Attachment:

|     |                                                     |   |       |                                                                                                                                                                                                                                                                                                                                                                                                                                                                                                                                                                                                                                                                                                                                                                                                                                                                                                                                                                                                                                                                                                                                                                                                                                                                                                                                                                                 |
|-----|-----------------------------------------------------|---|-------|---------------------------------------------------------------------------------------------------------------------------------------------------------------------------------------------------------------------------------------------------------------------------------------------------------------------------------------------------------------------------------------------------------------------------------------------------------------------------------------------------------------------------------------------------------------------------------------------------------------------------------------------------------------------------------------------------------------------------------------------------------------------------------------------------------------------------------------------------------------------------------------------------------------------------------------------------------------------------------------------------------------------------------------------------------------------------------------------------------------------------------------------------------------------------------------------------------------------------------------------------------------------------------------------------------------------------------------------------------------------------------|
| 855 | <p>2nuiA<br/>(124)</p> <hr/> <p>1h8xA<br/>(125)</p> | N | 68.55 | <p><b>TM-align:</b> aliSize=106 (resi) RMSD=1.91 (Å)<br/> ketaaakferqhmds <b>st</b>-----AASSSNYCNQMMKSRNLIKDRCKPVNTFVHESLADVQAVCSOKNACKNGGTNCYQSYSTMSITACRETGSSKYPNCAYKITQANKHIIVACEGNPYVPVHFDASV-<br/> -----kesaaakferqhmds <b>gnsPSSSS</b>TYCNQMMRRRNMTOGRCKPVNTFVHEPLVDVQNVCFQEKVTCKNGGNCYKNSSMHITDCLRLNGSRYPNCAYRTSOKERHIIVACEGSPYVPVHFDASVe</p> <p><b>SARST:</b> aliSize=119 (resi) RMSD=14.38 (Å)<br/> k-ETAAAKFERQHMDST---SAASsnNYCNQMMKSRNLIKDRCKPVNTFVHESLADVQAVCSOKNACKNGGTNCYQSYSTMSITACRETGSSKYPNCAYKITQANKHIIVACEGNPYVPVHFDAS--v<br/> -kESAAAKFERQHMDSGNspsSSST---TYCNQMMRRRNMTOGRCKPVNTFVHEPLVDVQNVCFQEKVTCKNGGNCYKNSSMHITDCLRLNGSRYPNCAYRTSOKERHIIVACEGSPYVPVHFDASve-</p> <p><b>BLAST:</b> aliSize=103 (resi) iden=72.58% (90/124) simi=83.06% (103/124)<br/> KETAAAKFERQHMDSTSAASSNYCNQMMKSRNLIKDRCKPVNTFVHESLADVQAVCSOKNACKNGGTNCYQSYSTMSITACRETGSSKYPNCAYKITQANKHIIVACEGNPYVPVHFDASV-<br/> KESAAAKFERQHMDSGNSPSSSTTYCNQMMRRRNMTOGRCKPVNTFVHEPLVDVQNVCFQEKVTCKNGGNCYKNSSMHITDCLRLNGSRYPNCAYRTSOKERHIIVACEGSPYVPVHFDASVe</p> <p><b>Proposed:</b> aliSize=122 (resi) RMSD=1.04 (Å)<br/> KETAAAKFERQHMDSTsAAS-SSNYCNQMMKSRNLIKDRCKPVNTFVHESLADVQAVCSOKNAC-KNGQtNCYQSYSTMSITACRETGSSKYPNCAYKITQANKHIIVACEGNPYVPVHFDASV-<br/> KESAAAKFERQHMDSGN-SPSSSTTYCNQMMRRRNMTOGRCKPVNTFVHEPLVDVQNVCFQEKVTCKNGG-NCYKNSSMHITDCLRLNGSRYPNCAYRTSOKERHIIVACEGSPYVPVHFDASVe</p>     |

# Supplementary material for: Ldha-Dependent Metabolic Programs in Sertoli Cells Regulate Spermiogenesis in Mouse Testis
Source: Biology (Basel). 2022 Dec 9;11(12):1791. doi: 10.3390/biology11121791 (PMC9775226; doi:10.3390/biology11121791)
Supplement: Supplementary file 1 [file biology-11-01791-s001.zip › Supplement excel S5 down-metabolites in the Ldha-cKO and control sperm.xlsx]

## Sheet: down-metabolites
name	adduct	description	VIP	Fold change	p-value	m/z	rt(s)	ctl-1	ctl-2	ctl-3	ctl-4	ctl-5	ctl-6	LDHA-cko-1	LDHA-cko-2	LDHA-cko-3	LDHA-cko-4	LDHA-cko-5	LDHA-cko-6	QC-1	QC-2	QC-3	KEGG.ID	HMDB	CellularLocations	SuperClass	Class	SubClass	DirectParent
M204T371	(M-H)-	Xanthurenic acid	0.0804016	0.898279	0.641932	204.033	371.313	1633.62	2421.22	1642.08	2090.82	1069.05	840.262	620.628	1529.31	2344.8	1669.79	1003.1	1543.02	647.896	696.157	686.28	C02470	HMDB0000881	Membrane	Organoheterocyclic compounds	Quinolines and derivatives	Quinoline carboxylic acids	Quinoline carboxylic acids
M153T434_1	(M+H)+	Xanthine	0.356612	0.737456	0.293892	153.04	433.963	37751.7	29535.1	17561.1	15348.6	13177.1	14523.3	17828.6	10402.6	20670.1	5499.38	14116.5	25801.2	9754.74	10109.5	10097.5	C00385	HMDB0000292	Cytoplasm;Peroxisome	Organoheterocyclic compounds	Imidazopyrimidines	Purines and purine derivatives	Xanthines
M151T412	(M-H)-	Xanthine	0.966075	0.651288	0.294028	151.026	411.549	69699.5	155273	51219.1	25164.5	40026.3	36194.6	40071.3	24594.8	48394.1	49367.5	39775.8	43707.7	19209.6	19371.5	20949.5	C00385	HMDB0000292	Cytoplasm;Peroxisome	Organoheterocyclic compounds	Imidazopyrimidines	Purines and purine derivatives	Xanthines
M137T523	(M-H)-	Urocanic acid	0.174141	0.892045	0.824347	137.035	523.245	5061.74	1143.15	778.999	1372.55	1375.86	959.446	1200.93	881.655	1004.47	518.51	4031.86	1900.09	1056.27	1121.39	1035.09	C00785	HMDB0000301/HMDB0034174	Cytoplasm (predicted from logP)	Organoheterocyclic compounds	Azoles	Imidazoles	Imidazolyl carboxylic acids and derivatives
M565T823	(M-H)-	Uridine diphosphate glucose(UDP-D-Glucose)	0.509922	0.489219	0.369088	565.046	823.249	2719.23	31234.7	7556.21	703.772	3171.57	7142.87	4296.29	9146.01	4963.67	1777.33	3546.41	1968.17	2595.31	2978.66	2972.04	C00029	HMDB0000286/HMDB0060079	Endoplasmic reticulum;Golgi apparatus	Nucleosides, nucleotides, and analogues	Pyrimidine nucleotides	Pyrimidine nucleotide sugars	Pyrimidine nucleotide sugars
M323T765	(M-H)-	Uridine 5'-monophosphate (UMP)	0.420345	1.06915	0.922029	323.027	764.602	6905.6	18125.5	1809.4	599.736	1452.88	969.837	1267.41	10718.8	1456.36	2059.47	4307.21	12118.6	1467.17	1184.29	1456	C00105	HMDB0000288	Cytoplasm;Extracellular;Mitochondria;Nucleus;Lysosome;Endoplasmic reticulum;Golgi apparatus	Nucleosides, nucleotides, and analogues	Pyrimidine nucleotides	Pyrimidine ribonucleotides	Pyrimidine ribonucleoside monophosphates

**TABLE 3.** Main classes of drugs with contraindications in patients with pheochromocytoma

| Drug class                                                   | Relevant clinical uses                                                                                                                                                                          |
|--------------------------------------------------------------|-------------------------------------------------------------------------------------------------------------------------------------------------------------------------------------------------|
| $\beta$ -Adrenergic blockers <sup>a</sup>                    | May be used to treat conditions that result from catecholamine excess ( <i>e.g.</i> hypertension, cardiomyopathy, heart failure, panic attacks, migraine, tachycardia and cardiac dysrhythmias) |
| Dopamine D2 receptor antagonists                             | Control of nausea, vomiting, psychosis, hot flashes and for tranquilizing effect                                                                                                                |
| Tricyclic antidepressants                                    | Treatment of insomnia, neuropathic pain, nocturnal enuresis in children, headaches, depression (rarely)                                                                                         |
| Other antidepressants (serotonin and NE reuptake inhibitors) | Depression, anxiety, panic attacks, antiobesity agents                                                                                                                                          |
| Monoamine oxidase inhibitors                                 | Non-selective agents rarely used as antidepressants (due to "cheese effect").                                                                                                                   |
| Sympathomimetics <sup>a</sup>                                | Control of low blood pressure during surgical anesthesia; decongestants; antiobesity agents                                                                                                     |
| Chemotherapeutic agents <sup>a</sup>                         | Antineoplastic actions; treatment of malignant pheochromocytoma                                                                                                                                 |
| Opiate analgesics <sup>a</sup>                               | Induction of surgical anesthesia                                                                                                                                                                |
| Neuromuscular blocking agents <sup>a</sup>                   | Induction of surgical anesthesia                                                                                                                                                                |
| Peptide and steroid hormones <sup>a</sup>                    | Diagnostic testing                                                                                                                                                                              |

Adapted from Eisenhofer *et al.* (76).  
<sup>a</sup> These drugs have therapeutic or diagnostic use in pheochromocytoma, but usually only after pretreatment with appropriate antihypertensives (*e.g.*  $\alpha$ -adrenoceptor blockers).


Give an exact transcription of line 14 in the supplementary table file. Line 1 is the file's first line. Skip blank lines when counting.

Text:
M323T765	(M-H)-	Uridine 5'-monophosphate (UMP)	0.420345	1.06915	0.922029	323.027	764.602	6905.6	18125.5	1809.4	599.736	1452.88	969.837	1267.41	10718.8	1456.36	2059.47	4307.21	12118.6	1467.17	1184.29	1456	C00105	HMDB0000288	Cytoplasm;Extracellular;Mitochondria;Nucleus;Lysosome;Endoplasmic reticulum;Golgi apparatus	Nucleosides, nucleotides, and analogues	Pyrimidine nucleotides	Pyrimidine ribonucleotides	Pyrimidine ribonucleoside monophosphates